March 26, 2018 at 9:20 am 1 comment

Overdraft Overkill: The CFPB Gets Ready To Strike Again

Those tricky little devils at the CFPB are at it again. Last week they unveiled prototypes for updated disclosures informing consumers of the right to opt out of overdraft protections for ATM and debit transactions. These aren’t binding but proposed regulations probably aren’t far away.

This is a perfect example of a remedy in search of an illness. The only institution of which I am aware that really thinks the existing opt-out notices need to be updated is the CFPB which has been charged by Congress with investigating overdraft practices.

I’ve always been paranoid when it comes to the CFPB’s overdraft analysis. We have to allow for the possibility that the ultimate goal of the Bureau is to require the affirmative consent of consumers before extending any overdraft protections to them at all.

Call me paranoid but I don’t think these prototypes are much of an improvement over the existing forms in the appendix to Regulation E, unless your goal is to conflate ATM overdraft protection with more general overdraft protections.

The prototypes were released in conjunction with the Bureau’s annual analysis of overdraft activity. The report reveals what it always does, which is that a relatively small group of users disproportionately use overdraft services.

If you have faith in the aggregate commonsense of the American public, this demonstrates that some people choose to use overdrafts because they like to know that their mortgage is going to be paid or that they won’t be embarrassed when they go to pay at Starbucks. To others, this is another example of a predatory financial system taking advantage of a vulnerable population.  After all, if the average financial consumer was as smart as the people running the CFPB, they would never avail themselves of overdraft protections.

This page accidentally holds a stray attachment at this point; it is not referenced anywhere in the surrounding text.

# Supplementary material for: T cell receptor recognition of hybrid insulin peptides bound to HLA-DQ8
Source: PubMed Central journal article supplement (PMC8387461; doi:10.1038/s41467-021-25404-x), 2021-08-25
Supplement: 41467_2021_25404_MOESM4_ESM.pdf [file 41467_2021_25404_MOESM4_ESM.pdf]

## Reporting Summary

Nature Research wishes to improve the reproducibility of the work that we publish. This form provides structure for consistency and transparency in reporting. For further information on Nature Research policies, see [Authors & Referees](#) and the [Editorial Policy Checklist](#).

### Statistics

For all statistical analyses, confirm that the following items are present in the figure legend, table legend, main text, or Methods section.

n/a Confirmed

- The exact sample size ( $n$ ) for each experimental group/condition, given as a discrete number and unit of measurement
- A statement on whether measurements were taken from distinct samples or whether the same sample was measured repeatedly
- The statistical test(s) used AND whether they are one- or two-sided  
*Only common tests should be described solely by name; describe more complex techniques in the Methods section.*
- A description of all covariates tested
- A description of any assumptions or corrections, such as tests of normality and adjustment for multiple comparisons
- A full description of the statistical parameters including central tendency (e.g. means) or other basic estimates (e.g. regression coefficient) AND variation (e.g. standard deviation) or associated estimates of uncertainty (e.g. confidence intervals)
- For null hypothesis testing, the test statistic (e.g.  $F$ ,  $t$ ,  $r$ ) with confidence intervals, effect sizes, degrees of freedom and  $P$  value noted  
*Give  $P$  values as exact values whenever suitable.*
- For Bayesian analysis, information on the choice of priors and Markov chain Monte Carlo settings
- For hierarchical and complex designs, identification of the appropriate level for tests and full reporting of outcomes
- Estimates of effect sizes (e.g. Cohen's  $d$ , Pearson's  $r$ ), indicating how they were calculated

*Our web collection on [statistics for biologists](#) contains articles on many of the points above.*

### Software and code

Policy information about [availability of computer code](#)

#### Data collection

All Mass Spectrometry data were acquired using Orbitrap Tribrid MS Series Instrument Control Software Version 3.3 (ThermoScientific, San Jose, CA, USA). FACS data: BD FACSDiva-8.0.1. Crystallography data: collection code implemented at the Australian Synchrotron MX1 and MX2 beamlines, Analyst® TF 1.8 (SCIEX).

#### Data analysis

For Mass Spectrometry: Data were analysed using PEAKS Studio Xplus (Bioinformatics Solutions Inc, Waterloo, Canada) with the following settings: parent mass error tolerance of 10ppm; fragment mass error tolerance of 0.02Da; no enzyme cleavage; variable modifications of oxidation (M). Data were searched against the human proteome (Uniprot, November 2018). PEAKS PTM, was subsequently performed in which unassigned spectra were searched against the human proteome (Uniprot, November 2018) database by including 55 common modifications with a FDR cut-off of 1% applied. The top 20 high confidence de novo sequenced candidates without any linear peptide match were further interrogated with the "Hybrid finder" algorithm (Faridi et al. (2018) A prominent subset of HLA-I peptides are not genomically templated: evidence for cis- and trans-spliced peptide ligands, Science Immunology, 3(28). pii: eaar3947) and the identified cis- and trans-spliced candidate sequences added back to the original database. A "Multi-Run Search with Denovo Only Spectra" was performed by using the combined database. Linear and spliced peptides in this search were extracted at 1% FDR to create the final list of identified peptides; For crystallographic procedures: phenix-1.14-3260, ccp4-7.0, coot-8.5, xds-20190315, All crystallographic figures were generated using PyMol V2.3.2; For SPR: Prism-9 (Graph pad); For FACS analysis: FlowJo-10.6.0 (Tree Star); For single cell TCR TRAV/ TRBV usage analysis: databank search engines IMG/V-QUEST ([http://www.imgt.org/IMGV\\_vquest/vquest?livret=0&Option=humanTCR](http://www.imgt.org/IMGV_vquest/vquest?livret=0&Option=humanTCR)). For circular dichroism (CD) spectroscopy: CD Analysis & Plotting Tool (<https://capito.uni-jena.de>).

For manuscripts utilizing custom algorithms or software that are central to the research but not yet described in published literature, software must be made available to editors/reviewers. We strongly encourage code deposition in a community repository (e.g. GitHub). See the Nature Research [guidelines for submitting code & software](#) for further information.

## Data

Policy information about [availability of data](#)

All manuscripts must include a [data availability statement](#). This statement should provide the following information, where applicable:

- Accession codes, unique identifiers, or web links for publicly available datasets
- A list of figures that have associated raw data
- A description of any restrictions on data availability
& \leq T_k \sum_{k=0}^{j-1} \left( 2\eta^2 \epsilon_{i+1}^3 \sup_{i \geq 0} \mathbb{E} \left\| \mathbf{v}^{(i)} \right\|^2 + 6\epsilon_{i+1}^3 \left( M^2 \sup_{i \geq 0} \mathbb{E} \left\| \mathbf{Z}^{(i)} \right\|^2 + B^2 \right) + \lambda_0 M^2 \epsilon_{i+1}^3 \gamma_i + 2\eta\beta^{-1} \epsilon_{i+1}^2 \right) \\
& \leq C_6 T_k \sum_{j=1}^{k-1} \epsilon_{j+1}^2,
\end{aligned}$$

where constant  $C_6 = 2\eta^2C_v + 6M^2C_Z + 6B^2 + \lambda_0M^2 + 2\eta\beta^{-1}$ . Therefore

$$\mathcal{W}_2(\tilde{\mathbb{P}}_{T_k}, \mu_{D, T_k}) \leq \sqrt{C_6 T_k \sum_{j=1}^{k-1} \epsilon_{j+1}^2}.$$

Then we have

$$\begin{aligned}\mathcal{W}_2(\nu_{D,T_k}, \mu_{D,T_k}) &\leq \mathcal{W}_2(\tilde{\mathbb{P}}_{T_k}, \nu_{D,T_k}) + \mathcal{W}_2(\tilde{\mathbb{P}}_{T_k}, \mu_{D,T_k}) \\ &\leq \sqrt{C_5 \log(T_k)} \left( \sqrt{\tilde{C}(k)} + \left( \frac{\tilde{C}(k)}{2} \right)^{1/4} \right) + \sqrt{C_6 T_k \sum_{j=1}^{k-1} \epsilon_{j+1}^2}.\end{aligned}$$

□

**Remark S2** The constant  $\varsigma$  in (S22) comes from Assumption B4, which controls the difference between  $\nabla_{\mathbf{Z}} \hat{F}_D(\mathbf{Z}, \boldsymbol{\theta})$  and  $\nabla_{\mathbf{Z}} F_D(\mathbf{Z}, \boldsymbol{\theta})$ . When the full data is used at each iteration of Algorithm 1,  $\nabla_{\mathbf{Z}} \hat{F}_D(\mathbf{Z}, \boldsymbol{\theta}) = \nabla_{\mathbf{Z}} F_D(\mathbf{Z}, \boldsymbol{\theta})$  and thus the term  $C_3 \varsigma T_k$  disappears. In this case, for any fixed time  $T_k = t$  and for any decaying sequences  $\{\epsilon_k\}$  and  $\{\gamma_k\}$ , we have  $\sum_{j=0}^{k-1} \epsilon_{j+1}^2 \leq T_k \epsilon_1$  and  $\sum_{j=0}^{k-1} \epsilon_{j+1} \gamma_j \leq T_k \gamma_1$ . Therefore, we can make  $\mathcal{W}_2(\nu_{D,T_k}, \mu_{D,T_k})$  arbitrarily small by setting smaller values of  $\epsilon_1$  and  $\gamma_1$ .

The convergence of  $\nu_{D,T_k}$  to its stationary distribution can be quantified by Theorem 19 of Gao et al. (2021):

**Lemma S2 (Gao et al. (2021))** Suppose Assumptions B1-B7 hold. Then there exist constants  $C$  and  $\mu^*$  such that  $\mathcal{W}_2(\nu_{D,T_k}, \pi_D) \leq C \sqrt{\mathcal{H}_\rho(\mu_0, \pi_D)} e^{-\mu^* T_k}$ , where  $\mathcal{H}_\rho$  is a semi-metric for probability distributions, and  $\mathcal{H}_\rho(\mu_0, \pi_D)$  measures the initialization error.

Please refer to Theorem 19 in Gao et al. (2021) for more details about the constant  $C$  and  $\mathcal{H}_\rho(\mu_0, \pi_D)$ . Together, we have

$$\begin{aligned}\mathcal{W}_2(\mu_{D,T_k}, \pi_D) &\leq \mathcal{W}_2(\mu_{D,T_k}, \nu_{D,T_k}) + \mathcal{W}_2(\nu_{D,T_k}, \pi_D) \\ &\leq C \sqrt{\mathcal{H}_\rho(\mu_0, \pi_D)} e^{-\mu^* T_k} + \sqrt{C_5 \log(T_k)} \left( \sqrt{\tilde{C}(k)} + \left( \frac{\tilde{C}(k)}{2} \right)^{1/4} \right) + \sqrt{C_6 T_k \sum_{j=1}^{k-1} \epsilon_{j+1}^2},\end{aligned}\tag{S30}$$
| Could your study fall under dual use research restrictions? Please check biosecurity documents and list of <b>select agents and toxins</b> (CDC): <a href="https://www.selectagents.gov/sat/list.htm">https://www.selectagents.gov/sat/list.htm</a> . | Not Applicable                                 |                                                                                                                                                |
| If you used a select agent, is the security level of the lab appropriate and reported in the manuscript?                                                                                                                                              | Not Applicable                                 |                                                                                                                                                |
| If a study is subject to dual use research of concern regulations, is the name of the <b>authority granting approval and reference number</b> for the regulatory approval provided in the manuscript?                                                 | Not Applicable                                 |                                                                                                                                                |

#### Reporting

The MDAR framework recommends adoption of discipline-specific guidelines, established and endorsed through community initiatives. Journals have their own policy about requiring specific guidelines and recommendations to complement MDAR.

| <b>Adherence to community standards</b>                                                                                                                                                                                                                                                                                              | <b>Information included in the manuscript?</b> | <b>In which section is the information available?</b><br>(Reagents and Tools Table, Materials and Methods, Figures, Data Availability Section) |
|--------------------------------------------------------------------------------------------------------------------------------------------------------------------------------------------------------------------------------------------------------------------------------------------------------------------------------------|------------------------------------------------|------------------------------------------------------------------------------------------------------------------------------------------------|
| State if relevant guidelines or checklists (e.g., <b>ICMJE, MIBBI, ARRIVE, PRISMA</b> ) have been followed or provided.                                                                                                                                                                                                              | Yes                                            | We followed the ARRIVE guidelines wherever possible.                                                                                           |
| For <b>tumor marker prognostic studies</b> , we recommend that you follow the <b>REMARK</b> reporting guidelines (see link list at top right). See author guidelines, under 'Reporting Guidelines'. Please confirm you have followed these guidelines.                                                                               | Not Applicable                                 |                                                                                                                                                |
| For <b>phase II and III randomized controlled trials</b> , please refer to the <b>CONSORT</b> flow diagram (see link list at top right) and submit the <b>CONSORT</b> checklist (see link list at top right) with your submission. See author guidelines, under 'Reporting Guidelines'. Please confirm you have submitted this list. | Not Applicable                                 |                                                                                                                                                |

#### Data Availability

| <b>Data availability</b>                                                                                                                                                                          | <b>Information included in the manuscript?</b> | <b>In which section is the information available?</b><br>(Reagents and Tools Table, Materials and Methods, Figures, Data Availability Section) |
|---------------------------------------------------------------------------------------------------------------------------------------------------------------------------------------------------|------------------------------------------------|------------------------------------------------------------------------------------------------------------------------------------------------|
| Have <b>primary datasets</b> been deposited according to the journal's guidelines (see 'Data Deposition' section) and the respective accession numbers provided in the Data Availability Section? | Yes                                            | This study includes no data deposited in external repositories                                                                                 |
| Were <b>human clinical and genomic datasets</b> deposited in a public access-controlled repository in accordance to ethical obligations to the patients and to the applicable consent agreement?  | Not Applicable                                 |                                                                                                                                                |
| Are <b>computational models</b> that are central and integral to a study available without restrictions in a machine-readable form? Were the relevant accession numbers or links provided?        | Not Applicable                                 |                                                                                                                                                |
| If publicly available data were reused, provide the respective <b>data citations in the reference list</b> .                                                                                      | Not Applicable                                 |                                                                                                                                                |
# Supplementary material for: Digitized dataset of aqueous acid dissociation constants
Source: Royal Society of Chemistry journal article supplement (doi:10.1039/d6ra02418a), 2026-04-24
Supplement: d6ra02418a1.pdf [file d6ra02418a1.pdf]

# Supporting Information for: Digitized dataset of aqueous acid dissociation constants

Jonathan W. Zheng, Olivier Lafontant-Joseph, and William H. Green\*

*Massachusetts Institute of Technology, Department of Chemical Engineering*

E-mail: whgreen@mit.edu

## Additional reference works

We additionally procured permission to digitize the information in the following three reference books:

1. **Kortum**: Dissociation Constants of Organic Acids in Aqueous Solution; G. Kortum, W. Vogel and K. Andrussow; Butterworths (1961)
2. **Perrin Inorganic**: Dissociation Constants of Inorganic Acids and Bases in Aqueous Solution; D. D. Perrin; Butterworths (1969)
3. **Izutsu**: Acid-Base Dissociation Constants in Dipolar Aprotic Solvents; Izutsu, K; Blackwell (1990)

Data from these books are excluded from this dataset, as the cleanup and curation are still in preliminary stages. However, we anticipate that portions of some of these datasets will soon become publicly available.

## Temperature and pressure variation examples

August 8, 2017 at 9:53 am Leave a comment

King Richard Strikes Again!

King Richard is at it again.

In the latest example of the almost  dictatorial powers he exercises over virtually every consumer product in the country, CFPB Director  Richard Cordray  yesterday took to browbeating banks and credit unions by strongly encouraging them to offer cheaper account options that don’t include overdraft protections and admonishing them to do a better job reporting information to the credit bureaus. His performance demonstrates why Congress has to work with the next president to vest the Director’s powers in the hands of an appointed board.

In a letter to the CEOS of the nation’s largest banks the Director made the case for low-cost accounts:

“Right now, much of the industry presents consumers with a binary result – either an applicant passes a standard screening process to obtain an account after identifying any credit risks posed by the applicant’s history of misuse or mishandling of some prior account, or the applicant is blocked from accessing the banking system altogether. There is, however, a third possibility, which is to offer all applicants a lower-risk account (whether a checking account or a prepaid account) whereby the applicant cannot pose the same level of risk to the institution. Accordingly, the same applicant need not be screened out of the banking system by applying the same risk thresholds that are used to determine eligibility for a standard checking account.”